Coatney serves her country
Cher Coatney joined the United States Army after high school because she wanted to meet new people and see new places.
“I had lived in Green Bay (Wisc.) my whole life and I think I left once when I was 16 for a family vacation. I saw the army as a way to get out,” Coatney said. “I graduated high school at 17 and waited a whole year before I actually went in. I talked to a friend who went in a year before and he introduced me to a recruiter and I signed up that week.”
Coatney enlisted in 1978 and completed her basic training at Fort McClellan in Alabama, where she was part of the last entirely female company to go through.
“You learn a lot about yourself when you go into the service because you’ve got nobody else around you. Nobody knows you or your history so you can be whoever you want,” Coatney said. “You can learn to be your own self. I learned a lot about myself just being in basic training.”
During the training, she earned expert badges in rifle, grenade and .45 handgun.
“The whole idea of basic training is to break you down and have a team concept for your whole company. You’re with 40 women you don’t know and some of them break and some don’t,” Coatney said. “I remember being really sad and shedding a few tears in the bunk when I first got started, but they really build you up and give you privileges after that.”
After basic training, Coatney spent two months back in Wisconsin as a high school recruiter. She then headed to Fort Rucker in Alabama to go to school for helicopter repair. After her schooling she was transfered to Fort Belvoir in Virginia and began working at Davison Army Airfield.
“I went into helicopter repair. It was UH-1 helicopters that we worked on and we had about a dozen or so helicopters in our hanger,” Coatney said. “It was a smaller airfield and we flew a lot of dignitaries to the Pentagon. The FBI helicopter was housed in our hanger so there were a lot of secret missions.”
Coatney’s company that worked at the airfield had 71 members; 68 were men and 3 were women. One of her best memories from the time was getting to fly the helicopters.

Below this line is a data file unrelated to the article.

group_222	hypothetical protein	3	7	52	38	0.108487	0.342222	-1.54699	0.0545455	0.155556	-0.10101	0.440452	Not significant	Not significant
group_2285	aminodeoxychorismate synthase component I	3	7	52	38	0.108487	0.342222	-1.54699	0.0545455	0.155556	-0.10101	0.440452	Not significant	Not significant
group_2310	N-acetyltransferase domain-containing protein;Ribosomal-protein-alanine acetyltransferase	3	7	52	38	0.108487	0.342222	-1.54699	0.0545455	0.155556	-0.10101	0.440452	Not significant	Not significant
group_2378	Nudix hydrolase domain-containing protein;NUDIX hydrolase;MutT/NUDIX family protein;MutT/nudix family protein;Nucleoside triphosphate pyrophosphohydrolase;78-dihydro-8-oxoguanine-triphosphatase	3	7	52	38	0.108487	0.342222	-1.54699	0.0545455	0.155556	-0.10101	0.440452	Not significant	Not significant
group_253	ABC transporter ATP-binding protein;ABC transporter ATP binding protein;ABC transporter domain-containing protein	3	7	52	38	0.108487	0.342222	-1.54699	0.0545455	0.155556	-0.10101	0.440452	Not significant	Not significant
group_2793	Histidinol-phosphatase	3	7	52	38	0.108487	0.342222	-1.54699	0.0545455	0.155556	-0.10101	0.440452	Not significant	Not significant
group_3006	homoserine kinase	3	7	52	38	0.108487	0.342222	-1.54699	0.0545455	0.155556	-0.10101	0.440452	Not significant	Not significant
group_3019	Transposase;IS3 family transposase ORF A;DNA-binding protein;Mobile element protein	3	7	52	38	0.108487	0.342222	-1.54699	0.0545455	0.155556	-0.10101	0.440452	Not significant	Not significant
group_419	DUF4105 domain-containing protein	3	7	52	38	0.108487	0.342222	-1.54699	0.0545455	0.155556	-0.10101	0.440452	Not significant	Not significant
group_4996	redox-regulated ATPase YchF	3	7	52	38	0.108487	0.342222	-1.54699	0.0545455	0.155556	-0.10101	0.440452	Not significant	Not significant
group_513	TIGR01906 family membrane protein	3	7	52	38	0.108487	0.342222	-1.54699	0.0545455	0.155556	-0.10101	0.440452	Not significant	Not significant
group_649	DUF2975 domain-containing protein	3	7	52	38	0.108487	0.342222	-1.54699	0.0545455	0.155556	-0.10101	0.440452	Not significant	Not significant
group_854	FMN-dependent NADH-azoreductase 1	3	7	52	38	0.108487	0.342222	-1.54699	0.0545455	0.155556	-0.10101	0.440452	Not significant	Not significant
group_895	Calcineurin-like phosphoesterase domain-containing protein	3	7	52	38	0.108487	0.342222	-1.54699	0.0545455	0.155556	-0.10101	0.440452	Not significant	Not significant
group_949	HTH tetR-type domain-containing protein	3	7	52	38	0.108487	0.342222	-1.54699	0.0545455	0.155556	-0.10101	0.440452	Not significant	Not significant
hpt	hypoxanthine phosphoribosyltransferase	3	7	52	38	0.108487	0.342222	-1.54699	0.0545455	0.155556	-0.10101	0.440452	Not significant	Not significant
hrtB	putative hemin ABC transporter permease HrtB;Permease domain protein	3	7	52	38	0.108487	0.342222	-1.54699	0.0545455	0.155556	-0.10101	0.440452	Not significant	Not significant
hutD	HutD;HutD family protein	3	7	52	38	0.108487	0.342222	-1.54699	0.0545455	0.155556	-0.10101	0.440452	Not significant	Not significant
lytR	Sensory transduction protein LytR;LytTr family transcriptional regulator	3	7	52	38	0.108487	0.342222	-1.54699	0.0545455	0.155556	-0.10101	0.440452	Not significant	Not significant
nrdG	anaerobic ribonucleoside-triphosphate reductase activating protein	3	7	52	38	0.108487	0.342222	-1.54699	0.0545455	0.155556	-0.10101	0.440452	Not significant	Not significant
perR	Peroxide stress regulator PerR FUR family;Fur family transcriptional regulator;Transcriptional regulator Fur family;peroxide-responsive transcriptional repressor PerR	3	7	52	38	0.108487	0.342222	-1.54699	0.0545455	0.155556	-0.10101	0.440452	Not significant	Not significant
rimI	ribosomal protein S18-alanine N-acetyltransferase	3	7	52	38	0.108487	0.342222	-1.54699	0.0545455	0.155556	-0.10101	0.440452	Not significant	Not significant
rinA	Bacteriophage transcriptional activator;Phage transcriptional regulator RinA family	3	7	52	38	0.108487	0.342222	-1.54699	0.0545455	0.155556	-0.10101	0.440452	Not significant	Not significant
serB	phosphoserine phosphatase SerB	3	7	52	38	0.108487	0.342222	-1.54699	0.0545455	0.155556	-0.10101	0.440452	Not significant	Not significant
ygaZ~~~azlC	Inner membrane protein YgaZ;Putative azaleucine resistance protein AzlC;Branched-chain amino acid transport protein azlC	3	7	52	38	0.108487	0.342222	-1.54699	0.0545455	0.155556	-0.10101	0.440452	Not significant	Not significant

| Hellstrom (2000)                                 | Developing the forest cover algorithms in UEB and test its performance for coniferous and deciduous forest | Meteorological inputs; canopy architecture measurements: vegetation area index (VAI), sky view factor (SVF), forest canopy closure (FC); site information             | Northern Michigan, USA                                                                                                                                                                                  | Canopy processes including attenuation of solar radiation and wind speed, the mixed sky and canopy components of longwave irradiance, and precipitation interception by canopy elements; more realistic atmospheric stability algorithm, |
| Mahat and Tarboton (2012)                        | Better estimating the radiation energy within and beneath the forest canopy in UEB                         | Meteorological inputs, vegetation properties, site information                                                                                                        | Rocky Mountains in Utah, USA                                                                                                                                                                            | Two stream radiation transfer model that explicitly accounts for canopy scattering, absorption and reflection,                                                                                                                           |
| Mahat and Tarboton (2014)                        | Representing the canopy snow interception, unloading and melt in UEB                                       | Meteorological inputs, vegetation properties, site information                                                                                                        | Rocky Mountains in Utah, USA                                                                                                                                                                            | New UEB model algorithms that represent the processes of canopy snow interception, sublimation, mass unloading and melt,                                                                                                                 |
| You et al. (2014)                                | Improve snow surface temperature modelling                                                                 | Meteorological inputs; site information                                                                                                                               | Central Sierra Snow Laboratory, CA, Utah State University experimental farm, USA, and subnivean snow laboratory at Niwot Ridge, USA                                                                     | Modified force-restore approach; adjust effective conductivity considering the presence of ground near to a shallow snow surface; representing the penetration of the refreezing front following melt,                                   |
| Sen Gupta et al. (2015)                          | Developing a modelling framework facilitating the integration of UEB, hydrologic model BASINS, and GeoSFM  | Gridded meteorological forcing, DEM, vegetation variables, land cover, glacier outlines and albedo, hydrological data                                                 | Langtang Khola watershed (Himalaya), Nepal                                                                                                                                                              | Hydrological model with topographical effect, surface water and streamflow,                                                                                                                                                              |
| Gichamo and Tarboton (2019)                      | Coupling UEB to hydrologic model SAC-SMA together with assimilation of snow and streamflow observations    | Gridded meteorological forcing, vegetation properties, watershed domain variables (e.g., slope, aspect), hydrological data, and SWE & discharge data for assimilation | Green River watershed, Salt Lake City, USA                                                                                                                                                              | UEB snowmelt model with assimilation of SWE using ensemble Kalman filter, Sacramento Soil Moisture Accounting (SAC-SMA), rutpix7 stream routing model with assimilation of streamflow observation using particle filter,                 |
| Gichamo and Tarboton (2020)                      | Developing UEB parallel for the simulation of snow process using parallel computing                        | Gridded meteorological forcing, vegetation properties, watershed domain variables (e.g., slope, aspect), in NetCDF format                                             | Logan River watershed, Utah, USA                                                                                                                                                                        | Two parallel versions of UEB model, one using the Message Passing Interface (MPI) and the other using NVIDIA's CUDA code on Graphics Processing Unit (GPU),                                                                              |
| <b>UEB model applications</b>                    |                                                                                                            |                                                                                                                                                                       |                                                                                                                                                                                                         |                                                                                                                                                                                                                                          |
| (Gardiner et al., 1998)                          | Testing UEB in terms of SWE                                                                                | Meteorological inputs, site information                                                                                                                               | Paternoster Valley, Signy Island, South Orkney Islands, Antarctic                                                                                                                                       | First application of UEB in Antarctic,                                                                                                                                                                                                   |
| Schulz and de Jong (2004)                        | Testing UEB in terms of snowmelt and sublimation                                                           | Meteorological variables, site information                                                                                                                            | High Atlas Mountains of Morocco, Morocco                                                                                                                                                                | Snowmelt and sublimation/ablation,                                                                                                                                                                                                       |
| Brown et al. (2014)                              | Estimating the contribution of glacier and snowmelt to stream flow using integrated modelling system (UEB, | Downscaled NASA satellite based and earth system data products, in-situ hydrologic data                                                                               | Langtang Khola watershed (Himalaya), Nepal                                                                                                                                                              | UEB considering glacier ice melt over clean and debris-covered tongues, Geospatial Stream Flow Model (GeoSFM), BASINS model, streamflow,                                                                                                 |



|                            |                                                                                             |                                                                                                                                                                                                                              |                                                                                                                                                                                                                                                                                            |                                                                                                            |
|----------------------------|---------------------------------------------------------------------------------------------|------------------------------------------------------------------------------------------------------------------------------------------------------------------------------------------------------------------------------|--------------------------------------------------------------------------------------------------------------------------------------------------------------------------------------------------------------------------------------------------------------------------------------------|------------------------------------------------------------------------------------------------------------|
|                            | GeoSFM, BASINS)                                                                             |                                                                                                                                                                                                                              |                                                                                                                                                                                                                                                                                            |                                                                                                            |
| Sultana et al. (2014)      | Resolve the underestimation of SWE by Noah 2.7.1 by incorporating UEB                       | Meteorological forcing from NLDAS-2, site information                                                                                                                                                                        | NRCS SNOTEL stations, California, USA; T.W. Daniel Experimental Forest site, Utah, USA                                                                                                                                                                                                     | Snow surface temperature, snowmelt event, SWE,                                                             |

“You got to know a lot of the officers and since you worked on the
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helicopters, you had the chance that one of them would ask you to go up with them. I got to fly twice,” Coatney said. “They put you in the co-pilot seat and let you do all of the controls. It was fun. There’s so much to do.”
She also remembers one cold January evening when the airfield received some unexpected snow.
“They called us up at 2 a.m. We had gotten snow and we had a bunch of flights coming in,” Coatney said. “So about 40 of us were out there shoveling out lights at that time of morning.”
Coatney completed her service in 1981 when she decided to get married. She and her husband moved back to Wisconsin and had three children. In 2006 she got a divorce and met her current husband, Charlie Coatney, in 2007. The couple moved into their dream home in Rutherfordton in November of 2012.
“Charlie brought me to North Carolina in 2009. We were riding motorcycles on the Blue Ridge Parkway and I loved it. We rode the mountains again the next year and he picked up some real estate books because he had always talked about not wanting to live in Wisconsin forever,” Coatney said. “We found the perfect piece of land. When we came out to see the property for the first time, he proposed and I melted. That was three years ago.”
Coatney says that being called a veteran gives her a sense of pride. She still tears up when she hears the National Anthem.
“It gives you a lot of pride because you served your country and most people don’t. If you haven’t been in the military you really don’t have a clue what it’s like. You have to live it to know it,” Coatney said. “I think if you’re getting out of high school and you are lost and don’t know what to do, go into the military. Once you are there they let you achieve things and you do learn a lot about yourself.”